These people are obsessed with making changes to their environment, but they hardly ever do so. Most of the time, they get together with people who think exactly the same way they do, wave placards and manically shout platitudes and meaningless slogans into a megaphone. Individualists often make much more pronounced changes to their environment, often in infinitely more interesting ways. Such a person spends long periods of time on his own, introspecting, and creating something interesting. They often create books, symphonies etc. which communicate interesting ideas. These ideas are consumed by people and their lives are enriched. In fact, monks and ascetics who never communicate with other people often live much more fulfilling and meaningful lives than such people who believe in collective action.
And in the end, they actually fetishise the cult of personality they claim to abhor. Their figures become so beatified that they end up being totally exempt from scrutiny. They will completely overlook the fact that Jeremy Corbyn is actually an incompetent leader, for instance. They rarely value the needs of the community, who actually bear the brunt of these horrible regimes. Instead, they are sycophantic towards Stalin, Mao, Castro, Che Guevara, etc.
Ultimately, the whole thing is just a whole load of posturing. They are disappointed when they learn that they 'you are not that left-wing.' This isn't because of the substance behind your politics, it's because you are not that extreme and 'cool.'
They join fringe causes and movements. Now, joining a mainstream party like Labour will actually make concrete changes. Prior to Corbyn these people wouldn't be seen dead anywhere near the Labour party.
Rant over.


I don't wholly agree, I think that the canon and our body of knowledge grows exponentially and that new material should be added. However, I do agree that universities and schools are obsessed with 'usefulness' and with churning out students to the workforce. They are also teeming with shops and clubs that sell you overpriced crap. If I were prime minister, I would remove all business departments from universities and would make it illegal for anything to be sold on campus. Imagine how well that would go down.


For many people on the left, the term 'neo-liberal' a lot of the time just seems to be a synonym for 'bad'.


Taking the most positive and optimistic outlook, I think that we'll only have another Labour government by the time I'm forty.

This is very, very nice.


I hate identity politics.
For one thing, your race, your class and your gender are completely arbitrary. You were born into them. Identity is surely something that is willed. Being a computer technician, a writer, a chess player, a pianist etc. are tangible identities. Going around and accusing people of oppression just because of their 'privilege' isn't a very constructive thing to do. To state the bleeding obvious, it's surely much more sound to criticise people for what they say and do, not for where they come from.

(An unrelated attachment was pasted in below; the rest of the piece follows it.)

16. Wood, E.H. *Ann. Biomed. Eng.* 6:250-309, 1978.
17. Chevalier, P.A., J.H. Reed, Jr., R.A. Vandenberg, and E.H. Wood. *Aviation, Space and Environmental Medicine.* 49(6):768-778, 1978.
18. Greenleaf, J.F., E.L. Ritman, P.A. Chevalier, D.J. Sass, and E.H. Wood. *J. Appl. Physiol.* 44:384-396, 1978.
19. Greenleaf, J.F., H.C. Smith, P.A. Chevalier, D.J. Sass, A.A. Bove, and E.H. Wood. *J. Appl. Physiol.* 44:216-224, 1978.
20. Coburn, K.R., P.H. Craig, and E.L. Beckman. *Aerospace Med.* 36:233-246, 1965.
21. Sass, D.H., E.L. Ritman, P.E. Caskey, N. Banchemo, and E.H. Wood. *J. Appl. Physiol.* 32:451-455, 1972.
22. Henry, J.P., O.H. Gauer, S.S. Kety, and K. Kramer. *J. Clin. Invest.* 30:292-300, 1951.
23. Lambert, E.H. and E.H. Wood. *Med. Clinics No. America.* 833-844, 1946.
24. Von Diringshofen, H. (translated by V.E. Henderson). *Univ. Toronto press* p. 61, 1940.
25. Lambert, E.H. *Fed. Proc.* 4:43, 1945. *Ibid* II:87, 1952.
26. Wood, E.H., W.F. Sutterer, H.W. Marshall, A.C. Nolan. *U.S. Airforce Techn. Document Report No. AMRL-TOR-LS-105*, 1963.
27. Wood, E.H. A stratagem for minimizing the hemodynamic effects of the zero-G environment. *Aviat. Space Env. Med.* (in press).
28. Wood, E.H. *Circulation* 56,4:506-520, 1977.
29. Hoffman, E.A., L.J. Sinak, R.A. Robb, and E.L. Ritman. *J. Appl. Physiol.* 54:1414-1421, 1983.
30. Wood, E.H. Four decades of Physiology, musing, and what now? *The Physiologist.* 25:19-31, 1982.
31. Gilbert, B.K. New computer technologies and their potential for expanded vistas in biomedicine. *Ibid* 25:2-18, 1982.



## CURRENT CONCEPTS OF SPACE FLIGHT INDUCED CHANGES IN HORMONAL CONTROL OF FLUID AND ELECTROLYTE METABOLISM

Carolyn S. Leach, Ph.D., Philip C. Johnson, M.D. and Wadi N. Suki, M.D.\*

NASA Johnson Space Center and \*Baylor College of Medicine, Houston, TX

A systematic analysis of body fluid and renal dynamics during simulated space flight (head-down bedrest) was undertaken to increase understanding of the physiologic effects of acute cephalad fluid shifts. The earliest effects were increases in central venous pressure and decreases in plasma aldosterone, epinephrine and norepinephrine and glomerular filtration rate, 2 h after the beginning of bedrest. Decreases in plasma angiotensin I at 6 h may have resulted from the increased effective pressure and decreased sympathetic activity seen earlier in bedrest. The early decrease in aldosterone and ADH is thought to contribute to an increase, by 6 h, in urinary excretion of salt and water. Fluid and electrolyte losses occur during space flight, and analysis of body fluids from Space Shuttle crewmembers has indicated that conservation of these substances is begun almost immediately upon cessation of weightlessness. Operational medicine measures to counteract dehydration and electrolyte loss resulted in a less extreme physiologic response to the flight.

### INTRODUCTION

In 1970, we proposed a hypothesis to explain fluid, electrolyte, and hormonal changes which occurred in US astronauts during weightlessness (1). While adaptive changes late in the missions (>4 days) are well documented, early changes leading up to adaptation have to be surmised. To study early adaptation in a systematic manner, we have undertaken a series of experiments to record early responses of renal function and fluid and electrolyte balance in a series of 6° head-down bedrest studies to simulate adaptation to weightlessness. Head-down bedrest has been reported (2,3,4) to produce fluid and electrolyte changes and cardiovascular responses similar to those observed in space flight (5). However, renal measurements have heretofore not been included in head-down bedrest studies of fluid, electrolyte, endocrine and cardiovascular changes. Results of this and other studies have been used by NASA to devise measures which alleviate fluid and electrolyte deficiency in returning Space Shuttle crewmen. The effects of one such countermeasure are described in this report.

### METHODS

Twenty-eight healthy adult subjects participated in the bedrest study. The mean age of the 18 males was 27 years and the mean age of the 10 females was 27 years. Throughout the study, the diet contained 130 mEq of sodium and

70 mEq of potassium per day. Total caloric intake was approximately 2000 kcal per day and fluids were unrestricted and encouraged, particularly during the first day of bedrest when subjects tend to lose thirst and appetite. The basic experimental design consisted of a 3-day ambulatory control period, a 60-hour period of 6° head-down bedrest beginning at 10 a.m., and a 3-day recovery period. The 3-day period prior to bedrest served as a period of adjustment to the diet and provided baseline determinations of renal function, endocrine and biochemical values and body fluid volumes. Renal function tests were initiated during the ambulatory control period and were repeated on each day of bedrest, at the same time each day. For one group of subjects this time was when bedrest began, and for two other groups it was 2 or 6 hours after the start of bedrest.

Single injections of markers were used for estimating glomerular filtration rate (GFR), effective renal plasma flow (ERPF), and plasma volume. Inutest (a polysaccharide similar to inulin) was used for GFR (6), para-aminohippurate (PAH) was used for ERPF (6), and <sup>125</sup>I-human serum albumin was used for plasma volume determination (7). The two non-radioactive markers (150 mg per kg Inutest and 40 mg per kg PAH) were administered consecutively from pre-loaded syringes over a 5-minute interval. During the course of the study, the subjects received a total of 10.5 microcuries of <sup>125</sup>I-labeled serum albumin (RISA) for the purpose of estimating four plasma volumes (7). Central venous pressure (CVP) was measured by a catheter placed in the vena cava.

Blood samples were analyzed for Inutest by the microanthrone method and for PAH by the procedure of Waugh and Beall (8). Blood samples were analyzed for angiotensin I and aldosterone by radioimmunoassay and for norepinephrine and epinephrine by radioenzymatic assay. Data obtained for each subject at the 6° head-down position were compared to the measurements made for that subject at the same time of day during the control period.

And all this is very rich considering who it comes from. These accusations are usually levelled by graduate students, who have had their PHDs funded by their wealthy parents. They get the best of both worlds - they get privilege and they get to be oppressed.
The fact is that there are no nations and no races that don't have blood on their hands. If you want to take this specious argument to its logical conclusion, then not only am I a psychopathic murderer for having British heritage - Africans, Asians, etc. etc. are too.
There is a whole school of thought that actively misreads texts just so that they can propagate their ideological propaganda. A lot of these people start with preconceived notions, read a text by a dead white author - say, Dickens or Shakespeare - and shout 'that racist!' This creates an atmosphere where everyone neurotically self-censors themselves, because it is not very nice to be falsely accused of racism.
It is true that certain races and classes are born into a disadvantaged position. If you want to be constructive about it, you should join a political campaign or join a think-tank that constructs policy, because falsely accusing people of racism, sexism etc. won't do anything to change it.
I remember thinking as an undergraduate how lucky how I was to be able to sit at a desk at a university library and read about the history of thought. Most people had been excluded from even reading about all this for centuries - and I would have been excluded, too. That's why it's so angering to see these pampered twits complain about their oppression.